Three centuries after Gutenberg printed his Bible, the print industry is thriving and technically relatively unchanged, and yet that is all about to change. The Industrial Revolution of the mid-18th century (now referred to as Industry 1.0), saw steamships displace sailing vessels, hand-powered machinery replaced with steam or waterpower, and the growth of cities as industrial-based economies replace agricultural economies. For the print industry, this meant higher production speeds, the introduction of metal-constructed presses and, new prepress technologies that expanded the market for printed products.
The use of iron as a construction material for the printing press reduced the forces necessary to operate the press and allowed for an increase in the print area. Production speeds increased to 480 pages per hour. With the integration of steam power, print production increased to 2,400 pages per hour by 1818, The Times of London was first to adopt this technology in 1814. The presses were manufactured by a collaboration of Friedrich Koenig and Andreas Bauer in London, in 1818 they formed Koenig & Bauer AG in Würzburg, Germany and it remains the oldest manufacture of printing presses today.
While the use of metal and steam power increased productivity, advances in prepress opened the doors for greater reproduction quality. Chemical etching of a printing plate began to replace physically carving an image on the printing plate. Lithography, (first developed by a Bavarian actor in 1796 for the printing of economical theatre programmes), works on the principle that oil and water don’t mix. By drawing the image on a piece of limestone using oil, fat, or wax, then treating the stone with a mixture of gum arabic and acid which etched the non-image areas of the stone so water would be retained in the non-image areas and repelled the ink when applied to the stone plate. The image then could be transferred to paper in a conventional manner. Lithography is still used by artists today to produce limited edition fine art prints.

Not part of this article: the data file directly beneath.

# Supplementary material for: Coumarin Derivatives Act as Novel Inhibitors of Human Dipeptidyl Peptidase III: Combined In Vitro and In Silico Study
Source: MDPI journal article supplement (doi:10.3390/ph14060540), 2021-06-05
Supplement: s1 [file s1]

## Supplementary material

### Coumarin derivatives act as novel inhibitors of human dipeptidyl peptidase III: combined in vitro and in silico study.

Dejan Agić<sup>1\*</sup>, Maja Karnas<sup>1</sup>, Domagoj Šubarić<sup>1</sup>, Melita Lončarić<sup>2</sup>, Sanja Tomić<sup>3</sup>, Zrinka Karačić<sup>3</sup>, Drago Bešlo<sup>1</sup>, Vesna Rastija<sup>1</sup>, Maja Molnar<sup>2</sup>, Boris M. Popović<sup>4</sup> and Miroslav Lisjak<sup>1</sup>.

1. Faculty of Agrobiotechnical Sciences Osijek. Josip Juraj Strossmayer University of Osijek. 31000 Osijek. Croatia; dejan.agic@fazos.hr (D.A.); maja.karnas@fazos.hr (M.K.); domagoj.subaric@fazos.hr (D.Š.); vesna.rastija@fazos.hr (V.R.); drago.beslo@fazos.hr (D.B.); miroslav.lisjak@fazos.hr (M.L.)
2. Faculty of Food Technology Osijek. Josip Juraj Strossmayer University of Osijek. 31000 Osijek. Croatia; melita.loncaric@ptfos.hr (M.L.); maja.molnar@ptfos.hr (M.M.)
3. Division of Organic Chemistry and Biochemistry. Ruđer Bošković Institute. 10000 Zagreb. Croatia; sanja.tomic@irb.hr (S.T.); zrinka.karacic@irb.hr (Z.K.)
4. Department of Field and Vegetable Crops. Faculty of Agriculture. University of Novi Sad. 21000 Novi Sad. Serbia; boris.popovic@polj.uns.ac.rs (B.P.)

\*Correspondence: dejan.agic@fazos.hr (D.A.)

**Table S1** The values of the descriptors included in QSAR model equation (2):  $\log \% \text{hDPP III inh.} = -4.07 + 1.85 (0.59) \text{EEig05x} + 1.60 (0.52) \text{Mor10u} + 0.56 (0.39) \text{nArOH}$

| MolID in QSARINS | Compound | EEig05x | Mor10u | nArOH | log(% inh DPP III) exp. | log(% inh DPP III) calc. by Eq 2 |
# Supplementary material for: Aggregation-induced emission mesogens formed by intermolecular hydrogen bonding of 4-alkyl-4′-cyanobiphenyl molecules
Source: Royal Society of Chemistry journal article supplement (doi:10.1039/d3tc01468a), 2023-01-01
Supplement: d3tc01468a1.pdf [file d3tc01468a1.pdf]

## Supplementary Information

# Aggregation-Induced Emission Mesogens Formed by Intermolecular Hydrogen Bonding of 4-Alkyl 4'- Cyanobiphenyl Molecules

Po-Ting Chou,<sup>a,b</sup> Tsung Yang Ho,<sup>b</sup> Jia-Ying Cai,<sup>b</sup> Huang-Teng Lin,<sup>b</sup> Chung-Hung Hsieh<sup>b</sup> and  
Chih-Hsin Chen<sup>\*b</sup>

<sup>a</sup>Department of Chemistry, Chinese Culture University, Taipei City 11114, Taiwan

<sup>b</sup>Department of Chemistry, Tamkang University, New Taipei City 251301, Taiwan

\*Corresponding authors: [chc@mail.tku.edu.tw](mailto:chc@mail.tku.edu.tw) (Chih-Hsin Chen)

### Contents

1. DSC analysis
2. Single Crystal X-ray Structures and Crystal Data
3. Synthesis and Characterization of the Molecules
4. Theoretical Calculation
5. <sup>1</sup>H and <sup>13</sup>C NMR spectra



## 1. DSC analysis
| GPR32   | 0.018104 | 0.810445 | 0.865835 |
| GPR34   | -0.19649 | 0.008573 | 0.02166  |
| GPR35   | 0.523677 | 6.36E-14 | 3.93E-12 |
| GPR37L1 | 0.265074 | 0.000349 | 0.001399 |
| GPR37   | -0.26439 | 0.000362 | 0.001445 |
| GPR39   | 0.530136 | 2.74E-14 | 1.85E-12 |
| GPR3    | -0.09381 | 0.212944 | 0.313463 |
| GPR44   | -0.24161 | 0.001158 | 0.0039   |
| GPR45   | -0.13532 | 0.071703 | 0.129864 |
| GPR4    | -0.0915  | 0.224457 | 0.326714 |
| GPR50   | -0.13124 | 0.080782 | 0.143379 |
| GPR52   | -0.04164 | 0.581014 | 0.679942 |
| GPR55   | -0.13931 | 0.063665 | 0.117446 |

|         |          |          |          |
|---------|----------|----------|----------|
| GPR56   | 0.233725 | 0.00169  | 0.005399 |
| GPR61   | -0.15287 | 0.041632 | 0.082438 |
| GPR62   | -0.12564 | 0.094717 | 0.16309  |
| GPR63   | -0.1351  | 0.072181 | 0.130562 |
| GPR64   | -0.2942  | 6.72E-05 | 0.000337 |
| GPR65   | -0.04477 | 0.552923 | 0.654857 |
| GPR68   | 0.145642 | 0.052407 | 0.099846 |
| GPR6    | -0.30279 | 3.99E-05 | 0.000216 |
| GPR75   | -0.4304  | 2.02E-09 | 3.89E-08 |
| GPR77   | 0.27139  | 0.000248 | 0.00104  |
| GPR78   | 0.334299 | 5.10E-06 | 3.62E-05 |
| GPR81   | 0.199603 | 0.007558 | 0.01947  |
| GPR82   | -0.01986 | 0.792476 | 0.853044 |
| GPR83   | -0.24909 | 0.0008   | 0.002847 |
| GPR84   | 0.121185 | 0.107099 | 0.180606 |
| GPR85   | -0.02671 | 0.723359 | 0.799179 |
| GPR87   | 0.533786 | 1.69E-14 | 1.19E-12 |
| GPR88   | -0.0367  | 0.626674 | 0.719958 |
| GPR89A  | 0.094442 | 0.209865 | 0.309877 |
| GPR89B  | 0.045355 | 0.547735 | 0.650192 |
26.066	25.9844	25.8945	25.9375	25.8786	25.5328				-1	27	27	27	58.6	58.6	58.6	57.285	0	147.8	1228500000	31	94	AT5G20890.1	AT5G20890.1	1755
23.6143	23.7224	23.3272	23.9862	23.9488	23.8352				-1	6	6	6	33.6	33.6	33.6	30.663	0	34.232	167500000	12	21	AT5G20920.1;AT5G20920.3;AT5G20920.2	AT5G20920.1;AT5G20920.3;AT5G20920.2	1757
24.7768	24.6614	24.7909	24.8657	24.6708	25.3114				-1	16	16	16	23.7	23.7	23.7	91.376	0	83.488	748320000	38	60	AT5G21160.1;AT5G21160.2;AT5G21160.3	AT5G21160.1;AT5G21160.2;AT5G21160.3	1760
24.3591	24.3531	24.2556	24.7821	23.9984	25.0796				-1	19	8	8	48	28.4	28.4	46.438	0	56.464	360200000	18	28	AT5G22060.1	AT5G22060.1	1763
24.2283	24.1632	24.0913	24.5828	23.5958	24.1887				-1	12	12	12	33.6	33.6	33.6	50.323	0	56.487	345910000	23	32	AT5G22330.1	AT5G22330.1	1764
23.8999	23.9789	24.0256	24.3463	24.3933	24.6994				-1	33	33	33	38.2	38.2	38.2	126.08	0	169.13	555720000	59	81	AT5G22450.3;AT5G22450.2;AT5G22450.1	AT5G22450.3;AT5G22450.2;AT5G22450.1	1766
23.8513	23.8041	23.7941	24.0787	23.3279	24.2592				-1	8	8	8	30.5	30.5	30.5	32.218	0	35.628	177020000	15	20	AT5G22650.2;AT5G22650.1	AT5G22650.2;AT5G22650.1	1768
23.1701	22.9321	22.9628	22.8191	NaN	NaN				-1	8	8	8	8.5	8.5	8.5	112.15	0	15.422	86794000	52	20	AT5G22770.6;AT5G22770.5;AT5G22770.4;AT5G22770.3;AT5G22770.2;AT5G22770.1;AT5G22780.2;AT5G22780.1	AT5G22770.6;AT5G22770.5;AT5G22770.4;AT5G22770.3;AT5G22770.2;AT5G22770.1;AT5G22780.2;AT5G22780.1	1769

Cylinders had been used to apply pressure to the paper/plate sandwich for some time. The pressure cylinder rolled across the paper produced better image quality and faster transfer speeds. The next advancement in printing was the adoption of cylinder-to-cylinder printing.
The rotary press, invented by American Richard Hoe in 1843, and again, was first implemented by the Times of London in 1853. It required the image to be curved around a cylinder, which would rotate in contact with an additional cylinder, the substrate passed between the two cylinders. This new press design changed prepress/platemaking requirements, introduced new substrates that could be printed, and increased production speeds. These early rotary presses were called letterpress, a technology that would be used to print newspapers until the 21st century.
Metal press construction, chemical etching of printing plates, and rotating cylinder presses were all introduced in less than eighty-years. The winds of change are blowing stronger, and print is about to evolve even faster as the Second Industrial Revolution takes us into the 20th century.
Bio: Stan Carmichael is a photographer by trade who found his way into the pre-press automation business from 1981 through 2005. During this time he directed Canadian sales and customer service efforts for a variety of pre-press technology manufacturers including Crosfield, Indigo, and Xeikon.
Stan remains active in the graphics industry providing sales mentoring and coaching to select individuals as well as sales and marketing consultation to technology suppliers.
Bolles, Albert Sidney, 1846-1939, No restrictions, via Wikimedia Commons